Happy Dreamer by Peter H. Reynolds (Orchard Books/Hachette, $17.99, 9780545865012) is a picture book about creativity and the messes and trouble it sometimes brings.

Paperbacks:
Sonora by Hannah Lillith Assadi (Soho Press, $16, 9781616957926).

Who You Think I Am by Camille Laurens (Other Press, $14.95, 9781590518328).

Movies:
The Zookeeper's Wife, based on the book by Diane Ackerman, opens March 31. Jessica Chastain stars in this true story of the Warsaw zookeepers who saved people and animals from the invading Nazis. A movie-tie in version (Norton, $15.95, 9780393354256) is available.

The Boss Baby, based on the children's book by Marla Frazee, is an animated film featuring the voices of Alec Baldwin, Steve Buscemi, Jimmy Kimmel, Lisa Kudrow and Tobey Maguire. It opens on March 31.


IndieBound: Other Indie Favorites

From last week's Indie bestseller lists, available at IndieBound.org, here are the recommended titles, which are also Indie Next Great Reads:

Hardcover
Setting Free the Kites by Alex George (Putnam, $27, 9780399162107). "This heartfelt and compelling novel from A Good American author Alex George is a story of friendship, loss, and how we deal with grief, a story about how a single friendship can change us forever. Yet again, George has developed beautiful, layered characters and you will quickly fall in love with Nathan, Robert, and Liam in blustery seaside Maine in the 1970s. You will hear the excitement each hot, blistering summer of children and families visiting the amusement park owned by Robert's family. You will laugh, you will cry, and you will grieve, but you will not be disappointed." --Amanda Zirn, Bethany Beach Books, Bethany Beach, Del.

The Mother's Promise: A Novel by Sally Hepworth (St. Martin's Press, $26.99, 9781250077752). "The Mother's Promise is an emotional story of a mother's love for her teenage daughter, who is struggling with severe social anxiety. Alice and her daughter, Zoe, cope with their problems until Alice becomes critically ill and is faced with a heartbreaking prognosis. She turns to two strangers for help with Zoe and her future. As the relationship among Zoe and these women evolves, they all confront their own personal problems and secrets. This beautifully written story will move readers to tears of grief, compassion, and, at its conclusion, hope." --Fran Duke, Where the Sidewalk Ends, Chatham, Mass.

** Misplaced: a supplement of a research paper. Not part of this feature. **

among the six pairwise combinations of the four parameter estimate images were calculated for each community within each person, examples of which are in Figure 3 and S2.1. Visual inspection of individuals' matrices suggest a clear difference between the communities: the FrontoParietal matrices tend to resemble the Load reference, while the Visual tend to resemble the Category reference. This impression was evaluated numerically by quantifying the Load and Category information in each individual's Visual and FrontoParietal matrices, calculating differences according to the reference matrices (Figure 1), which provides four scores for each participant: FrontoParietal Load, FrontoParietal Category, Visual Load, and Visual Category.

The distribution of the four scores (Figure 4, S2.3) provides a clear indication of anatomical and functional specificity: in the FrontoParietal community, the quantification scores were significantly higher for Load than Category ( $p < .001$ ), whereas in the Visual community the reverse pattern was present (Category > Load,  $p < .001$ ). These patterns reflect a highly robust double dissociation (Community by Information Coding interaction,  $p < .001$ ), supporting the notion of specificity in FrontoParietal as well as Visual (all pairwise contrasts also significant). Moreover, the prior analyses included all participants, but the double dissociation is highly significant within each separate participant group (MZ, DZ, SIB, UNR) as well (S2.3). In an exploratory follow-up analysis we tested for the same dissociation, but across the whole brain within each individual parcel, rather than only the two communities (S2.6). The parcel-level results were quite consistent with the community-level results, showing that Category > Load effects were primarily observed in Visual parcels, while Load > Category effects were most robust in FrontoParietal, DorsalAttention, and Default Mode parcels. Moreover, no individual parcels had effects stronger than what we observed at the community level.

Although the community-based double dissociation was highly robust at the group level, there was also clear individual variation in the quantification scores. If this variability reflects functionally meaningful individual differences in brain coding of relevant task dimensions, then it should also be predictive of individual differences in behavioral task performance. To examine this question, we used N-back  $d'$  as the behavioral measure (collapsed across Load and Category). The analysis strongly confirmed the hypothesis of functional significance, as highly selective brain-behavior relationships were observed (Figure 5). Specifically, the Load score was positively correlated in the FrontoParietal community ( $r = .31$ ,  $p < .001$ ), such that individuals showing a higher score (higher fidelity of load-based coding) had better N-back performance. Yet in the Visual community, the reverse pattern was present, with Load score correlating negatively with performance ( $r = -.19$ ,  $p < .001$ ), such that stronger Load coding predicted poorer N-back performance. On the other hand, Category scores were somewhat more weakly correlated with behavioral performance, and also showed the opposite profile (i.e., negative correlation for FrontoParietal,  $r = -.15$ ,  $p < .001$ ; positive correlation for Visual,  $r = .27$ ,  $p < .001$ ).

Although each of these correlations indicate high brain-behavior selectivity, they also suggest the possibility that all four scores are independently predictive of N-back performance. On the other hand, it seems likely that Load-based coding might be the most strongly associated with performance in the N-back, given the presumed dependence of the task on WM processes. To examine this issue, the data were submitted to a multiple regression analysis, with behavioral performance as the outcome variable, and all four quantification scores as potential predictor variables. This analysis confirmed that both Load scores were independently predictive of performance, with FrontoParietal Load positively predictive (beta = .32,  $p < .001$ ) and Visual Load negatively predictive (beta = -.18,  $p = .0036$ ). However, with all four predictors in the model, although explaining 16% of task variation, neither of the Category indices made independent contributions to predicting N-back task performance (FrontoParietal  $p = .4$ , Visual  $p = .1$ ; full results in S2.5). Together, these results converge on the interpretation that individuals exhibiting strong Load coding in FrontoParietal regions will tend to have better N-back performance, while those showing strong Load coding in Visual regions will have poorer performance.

Paperback: An Indies Introduce Title
Rabbit Cake by Annie Hartnett (Tin House Books, $15.95, 9781941040560). "When Eva Rose Babbitt, mother of daughters Lizzie, 15, and Elvis, 10, drowns while sleep-swimming, her daughters are left to fend for themselves emotionally while their father tends to his grief by wearing his wife's bathrobe and lipstick. Elvis stays up at night, trying to keep Lizzie, a sleepwalker and sleep-eater, from burning the house down with her nocturnal 'cooking.' But Elvis doesn't trust the circumstances of her mother's death and is determined to finish her mother's book, The Sleep Habits in Animals and What They Tell Us About Our Own Slumber, so she does a little research of her own. Annie Hartnett has created endearing and memorable characters in a delightfully original story that is sure to become a beloved favorite of readers everywhere." --Kris Kleindienst, Left Bank Books, St. Louis, Mo.

For Ages 4 to 8
A Perfect Day by Lane Smith (Roaring Brook Press, $17.99, 9781626725362). "With evocative, textured artwork and playful scenes, Lane Smith has created a fantastic picture book that kids and adults will both love. A Perfect Day combines the sensibilities of Smith's previous work, placing the artistic mastery of Grandpa Green alongside the humor from It's a Book. I can't wait to share this as a read-aloud in groups or one-on-one so little listeners can point out beautiful details in the artwork and talk about the animals in action!" --Johanna Albrecht, Flyleaf Books, Chapel Hill, N.C.